I allowed myself not to only look at other born frees the same way I look at myself but I was more interested in our life experiences, environmental backgrounds family problems and statuses. Most importantly what we make out of ourselves.  Through long dialogues and playing, laughing and crying a moment shared is the moment I captured through writing and photography.


Sipho Mpongo was born in the Eastern Cape in a rural village called Nqamakwe in 1993 and was raised in Langa, Cape Town. Illiso Labantu, a local photographic mentorship programme, provided the platform for Mpongo to launch into a photographic career. Sipho has recently completed a full time course in study at the Cape Town School of Photography whilst simultaneously contributing to various photographic group shows and projects in Cape Town and internationally. Most notably Mpongo recently had fundraising exhibition at Pace/McGill Gallery in New York to help children in South Africa. Mpongo recently won a prestigious  Magnum Foundation Photography and Human Right Fellowship Award at the New York University.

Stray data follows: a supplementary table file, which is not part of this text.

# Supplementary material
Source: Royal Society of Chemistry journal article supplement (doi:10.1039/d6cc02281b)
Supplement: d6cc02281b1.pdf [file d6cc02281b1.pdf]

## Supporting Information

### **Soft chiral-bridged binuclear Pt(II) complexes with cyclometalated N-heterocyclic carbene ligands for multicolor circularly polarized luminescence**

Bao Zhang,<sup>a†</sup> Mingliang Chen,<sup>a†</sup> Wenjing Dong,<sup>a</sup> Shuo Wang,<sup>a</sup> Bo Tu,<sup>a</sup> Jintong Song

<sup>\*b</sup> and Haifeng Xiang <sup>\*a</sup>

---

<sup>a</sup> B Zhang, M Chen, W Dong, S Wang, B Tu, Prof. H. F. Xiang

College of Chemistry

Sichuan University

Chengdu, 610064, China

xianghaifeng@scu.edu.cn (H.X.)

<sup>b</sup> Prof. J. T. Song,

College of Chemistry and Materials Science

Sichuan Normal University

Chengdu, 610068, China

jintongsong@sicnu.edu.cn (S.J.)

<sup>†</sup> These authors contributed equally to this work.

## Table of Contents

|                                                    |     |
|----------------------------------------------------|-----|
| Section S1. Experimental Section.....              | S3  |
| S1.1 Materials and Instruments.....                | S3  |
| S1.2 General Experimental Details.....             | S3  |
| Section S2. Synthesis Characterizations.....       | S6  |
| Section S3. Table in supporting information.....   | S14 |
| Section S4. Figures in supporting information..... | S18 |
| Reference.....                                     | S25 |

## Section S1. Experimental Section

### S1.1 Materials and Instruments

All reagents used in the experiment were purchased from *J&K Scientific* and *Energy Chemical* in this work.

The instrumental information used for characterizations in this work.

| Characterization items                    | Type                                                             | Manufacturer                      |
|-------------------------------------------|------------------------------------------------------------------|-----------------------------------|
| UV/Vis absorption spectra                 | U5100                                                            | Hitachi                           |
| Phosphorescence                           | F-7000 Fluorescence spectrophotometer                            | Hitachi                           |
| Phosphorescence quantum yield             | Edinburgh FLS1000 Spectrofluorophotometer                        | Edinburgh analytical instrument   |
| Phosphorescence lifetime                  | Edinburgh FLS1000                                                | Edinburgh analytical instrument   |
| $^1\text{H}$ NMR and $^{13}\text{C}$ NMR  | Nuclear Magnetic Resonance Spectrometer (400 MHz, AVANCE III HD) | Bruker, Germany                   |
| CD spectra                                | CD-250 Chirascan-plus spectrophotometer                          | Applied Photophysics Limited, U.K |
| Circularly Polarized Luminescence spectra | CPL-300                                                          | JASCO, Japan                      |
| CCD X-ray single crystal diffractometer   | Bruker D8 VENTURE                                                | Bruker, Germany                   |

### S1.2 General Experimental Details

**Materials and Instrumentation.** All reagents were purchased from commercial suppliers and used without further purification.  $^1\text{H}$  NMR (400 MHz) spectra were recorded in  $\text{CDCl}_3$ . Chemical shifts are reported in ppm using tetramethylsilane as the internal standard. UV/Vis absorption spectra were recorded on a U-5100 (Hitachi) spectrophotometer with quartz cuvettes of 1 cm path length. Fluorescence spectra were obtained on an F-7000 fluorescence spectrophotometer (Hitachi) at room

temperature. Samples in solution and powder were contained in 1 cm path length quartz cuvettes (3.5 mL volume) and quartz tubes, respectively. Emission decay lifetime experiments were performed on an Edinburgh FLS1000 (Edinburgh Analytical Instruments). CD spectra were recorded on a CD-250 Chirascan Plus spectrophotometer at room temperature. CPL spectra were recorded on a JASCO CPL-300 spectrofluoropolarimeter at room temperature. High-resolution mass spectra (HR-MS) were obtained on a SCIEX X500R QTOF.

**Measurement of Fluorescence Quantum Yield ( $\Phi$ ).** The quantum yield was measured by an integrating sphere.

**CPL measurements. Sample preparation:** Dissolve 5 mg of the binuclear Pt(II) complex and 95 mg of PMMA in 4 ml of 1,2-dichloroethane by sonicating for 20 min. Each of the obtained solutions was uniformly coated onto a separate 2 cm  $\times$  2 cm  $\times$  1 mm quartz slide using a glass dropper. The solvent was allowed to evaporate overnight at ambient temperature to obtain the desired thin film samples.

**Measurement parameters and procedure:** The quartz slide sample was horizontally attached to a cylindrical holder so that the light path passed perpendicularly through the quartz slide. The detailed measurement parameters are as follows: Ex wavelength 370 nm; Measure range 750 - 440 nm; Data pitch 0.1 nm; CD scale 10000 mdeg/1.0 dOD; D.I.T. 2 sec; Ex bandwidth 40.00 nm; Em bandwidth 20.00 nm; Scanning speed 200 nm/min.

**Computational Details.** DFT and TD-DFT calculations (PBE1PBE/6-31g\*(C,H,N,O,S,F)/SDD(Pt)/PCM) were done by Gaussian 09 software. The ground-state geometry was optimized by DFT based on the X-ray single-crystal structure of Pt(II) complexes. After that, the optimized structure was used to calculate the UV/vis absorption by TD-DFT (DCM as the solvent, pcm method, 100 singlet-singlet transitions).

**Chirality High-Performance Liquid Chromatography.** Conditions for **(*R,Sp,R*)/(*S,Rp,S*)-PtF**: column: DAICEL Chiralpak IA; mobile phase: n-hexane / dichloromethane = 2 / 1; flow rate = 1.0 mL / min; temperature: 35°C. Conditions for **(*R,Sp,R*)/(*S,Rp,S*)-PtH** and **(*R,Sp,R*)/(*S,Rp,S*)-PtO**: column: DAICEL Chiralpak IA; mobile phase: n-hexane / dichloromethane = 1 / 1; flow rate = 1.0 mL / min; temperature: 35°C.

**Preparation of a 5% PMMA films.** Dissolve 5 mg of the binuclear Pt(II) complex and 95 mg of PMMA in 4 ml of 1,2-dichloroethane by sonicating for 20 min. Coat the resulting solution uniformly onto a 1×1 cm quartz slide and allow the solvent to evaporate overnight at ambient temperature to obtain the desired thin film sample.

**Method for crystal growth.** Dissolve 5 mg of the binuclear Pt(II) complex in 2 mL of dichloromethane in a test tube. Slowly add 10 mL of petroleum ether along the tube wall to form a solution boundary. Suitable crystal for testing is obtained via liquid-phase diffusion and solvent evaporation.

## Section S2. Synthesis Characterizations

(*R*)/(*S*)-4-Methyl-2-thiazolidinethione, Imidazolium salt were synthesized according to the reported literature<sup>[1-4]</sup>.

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8 thoughts on “Sipho Mpongo – Born Free”

  1. This young photographer has an EXTRAORDINARY eye….some of these pics are just fabulous and also allude to other iconic work (i see a Harvey allusion with that pic in the dancers with the light streaming through lattice work)…and of course the portraits and some of the observational stuff, which breathes the very joys and difficulties and contradictions that exist…